Any hope by parishioners of St. Bernadette Catholic Church in Orchard Park for a legal challenge to the decision by the Diocese of Buffalo to close their school likely ended Friday night.
In an emotional talk highly critical of the diocese, the Rev. Paul Seil told about 100 people at a meeting in the school that after consulting legal advice and despite his opposition to the closure, the parish will not participate in a lawsuit.
The church’s pastor characterized the process of choosing which Catholic schools would close as “flawed” by “dishonesty, deceit, politics and other elements.” He maintained that St. Bernadette’s met the diocese’s requirements to remain open. He also explained that he did everything he could to reverse the decision.
However, he told the parishioners that even if a lengthy legal challenge succeeded, the school would still close, considering that teachers and families with students already are looking elsewhere for new jobs and schools.
“We need to accept the reality we are dealing with,” Seil said.
Bishop Richard J. Malone in January announced 10 elementary school closures in the suburbs, primarily the Southtowns. The closures, the result of declines in enrollment, ended months of speculation about which schools will accept students for the 2014-15 academic year.
But the decision also aroused opposition, with some area Catholics fighting to keep their schools open.
Parishioners of St. Francis of Assisi Church in the City of Tonawanda, for instance, have written a formal appeal of the decision shutting down their school, and if Malone doesn’t reconsider, they plan to press their case with the Vatican.
Parents at St. Bernadette’s organized and funded an effort to file a lawsuit against the bishop and diocese, seeking a stay in State Supreme Court of the closure decision until the Vatican can rule on the matter.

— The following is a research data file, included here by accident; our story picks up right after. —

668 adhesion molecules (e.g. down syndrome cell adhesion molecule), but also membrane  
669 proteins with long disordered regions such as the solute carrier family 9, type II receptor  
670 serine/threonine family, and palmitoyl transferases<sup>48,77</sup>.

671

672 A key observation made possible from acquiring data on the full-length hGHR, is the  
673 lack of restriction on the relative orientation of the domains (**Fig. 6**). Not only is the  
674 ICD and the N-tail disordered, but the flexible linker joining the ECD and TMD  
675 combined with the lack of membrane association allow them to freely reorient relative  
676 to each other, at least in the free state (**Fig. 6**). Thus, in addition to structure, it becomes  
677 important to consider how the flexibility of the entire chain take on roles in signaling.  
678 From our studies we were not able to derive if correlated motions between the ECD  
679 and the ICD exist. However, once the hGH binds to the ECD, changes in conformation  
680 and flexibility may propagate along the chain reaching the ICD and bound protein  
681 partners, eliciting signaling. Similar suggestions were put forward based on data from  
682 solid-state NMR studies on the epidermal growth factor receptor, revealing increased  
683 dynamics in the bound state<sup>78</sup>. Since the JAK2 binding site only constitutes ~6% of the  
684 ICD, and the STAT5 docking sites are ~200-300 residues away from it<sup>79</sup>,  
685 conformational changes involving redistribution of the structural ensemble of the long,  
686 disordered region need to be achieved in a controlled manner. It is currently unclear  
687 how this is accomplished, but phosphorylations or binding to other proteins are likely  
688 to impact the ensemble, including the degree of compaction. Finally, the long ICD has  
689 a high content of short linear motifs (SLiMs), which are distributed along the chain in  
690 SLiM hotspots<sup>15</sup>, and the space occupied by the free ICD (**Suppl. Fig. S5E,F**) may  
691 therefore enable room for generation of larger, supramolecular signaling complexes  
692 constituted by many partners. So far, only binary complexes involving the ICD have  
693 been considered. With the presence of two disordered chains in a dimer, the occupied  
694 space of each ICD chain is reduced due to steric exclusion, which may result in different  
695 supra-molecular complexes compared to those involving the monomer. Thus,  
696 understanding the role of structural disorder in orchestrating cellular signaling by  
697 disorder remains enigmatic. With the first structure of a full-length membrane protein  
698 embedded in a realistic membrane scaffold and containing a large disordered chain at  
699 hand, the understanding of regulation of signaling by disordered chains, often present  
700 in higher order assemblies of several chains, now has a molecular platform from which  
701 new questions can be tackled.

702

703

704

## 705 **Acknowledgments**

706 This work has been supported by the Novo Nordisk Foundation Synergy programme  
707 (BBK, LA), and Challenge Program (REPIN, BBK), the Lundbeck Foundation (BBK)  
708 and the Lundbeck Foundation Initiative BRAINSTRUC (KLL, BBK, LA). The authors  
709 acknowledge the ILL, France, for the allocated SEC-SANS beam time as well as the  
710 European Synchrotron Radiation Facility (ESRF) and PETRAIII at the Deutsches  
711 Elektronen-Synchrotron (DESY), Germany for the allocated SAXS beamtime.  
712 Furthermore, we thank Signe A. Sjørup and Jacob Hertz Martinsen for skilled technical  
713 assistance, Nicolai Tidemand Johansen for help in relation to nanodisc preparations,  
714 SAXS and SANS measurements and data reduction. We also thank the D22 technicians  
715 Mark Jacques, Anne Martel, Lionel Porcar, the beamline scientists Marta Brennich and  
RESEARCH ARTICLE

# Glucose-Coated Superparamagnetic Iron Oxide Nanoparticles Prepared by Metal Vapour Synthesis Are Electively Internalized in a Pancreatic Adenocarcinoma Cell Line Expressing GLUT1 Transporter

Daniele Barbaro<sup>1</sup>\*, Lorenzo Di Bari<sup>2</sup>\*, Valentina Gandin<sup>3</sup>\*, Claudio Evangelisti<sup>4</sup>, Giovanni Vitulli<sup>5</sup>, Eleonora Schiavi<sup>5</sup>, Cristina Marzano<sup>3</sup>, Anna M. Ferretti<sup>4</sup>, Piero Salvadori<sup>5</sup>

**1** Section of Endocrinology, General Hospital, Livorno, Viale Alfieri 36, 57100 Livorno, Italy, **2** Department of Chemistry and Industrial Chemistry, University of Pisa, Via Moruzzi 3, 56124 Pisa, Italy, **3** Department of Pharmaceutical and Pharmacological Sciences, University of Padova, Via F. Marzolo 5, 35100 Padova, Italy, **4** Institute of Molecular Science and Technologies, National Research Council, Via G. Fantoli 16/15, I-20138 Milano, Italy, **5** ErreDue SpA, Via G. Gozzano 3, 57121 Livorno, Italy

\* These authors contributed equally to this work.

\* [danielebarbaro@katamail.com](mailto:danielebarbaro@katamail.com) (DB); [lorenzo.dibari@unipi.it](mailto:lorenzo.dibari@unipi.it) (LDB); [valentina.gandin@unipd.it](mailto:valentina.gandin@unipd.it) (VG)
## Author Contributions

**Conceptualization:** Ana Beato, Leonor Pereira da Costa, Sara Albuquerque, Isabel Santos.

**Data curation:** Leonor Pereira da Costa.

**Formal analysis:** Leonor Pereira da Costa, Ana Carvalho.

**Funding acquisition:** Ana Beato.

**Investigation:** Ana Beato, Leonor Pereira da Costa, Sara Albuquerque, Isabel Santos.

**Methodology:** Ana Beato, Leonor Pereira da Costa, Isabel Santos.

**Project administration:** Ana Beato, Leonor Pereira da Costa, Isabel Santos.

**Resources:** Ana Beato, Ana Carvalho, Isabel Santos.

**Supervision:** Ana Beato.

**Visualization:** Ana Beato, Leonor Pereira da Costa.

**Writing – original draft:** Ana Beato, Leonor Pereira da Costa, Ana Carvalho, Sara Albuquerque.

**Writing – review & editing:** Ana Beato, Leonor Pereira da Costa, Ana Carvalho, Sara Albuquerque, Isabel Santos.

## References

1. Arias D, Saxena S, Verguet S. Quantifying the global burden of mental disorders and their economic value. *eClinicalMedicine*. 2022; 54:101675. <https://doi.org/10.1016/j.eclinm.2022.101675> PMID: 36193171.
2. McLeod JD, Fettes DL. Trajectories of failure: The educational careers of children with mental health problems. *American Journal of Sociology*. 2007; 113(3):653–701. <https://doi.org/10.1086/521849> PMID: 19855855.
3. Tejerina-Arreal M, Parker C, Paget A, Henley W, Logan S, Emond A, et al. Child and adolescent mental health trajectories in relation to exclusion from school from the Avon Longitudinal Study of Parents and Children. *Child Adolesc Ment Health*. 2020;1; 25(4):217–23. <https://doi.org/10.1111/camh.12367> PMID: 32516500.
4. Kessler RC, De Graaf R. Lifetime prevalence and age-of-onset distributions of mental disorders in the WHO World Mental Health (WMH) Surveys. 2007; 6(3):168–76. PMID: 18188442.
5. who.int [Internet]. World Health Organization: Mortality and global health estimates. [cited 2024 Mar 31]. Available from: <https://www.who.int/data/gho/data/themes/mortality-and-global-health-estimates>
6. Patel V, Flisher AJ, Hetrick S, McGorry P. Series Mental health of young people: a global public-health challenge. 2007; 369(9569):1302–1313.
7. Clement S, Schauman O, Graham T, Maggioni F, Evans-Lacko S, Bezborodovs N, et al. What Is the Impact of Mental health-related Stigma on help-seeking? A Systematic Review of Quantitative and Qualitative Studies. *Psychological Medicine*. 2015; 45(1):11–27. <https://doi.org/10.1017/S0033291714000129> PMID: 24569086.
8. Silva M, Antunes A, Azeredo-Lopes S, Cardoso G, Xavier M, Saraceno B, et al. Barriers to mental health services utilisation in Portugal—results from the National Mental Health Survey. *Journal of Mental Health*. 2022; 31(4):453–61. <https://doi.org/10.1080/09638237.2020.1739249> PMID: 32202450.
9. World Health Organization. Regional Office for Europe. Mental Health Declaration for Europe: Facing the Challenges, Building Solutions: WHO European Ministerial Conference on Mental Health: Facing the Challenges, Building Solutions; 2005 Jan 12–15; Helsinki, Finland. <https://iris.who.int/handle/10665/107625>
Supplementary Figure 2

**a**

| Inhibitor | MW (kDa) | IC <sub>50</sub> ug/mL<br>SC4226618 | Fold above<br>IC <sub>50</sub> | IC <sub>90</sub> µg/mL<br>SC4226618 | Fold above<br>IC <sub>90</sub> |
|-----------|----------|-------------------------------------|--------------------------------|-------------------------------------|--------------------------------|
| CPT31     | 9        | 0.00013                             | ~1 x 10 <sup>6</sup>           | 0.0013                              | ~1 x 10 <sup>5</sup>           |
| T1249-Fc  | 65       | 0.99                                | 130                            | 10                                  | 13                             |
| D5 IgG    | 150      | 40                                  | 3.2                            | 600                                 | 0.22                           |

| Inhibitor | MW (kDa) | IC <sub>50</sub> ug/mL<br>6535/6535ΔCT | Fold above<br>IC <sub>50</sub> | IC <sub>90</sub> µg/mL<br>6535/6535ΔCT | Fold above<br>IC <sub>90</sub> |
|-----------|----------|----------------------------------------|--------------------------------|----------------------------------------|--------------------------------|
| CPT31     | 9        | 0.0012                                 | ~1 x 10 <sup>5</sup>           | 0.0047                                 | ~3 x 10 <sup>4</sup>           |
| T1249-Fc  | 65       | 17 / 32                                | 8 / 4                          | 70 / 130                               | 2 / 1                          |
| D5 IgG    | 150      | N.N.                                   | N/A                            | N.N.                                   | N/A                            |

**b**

The legal case – it is based on state religious corporation law – argues that Malone violated the law by not convening the St. Bernadette’s board of trustees to consider the school closing.
“We felt we had a really good case,” said Mary Scarpello, who was involved in the parishioner legal effort and expressed disappointment at Seil’s decision not to go forward with the suit.
The only people with legal standing to file such a lawsuit are the members of the church board of trustees, and it would require a majority to do that, Seil and others said. The five-member board consists of Malone, the vicar-general of the Diocese of Buffalo, Seil and two lay parishioners of the church.
This puts pastors in a difficult position.
They must respond to demands for action from parishioners while obeying the bishop, as required by their vows as diocesan priests.
Some parishioners at Friday’s meeting reacted angrily, telling Seil that he allowed the bishop to violate the law and urging him to sign on to a legal challenge.
“File the lawsuit. We are this close,” said one parishioner as he held his thumb close to his forefinger.
Others questioned their faith in the diocese.
Still others acknowledged the dilemma and praised Seil for working hard to save the school and having the courage to criticize the diocese.
“The pastor’s public opposition to the bishop is not something to be taken lightly,” a church member said.
Seil, who voiced support for those parents who might want to pursue legal action on their own, ended the meeting with a prayer but not before a more down-to-earth comment.
“Sometimes you have to eat some dirt in life, and that is what I am doing,” he said. “And you too.”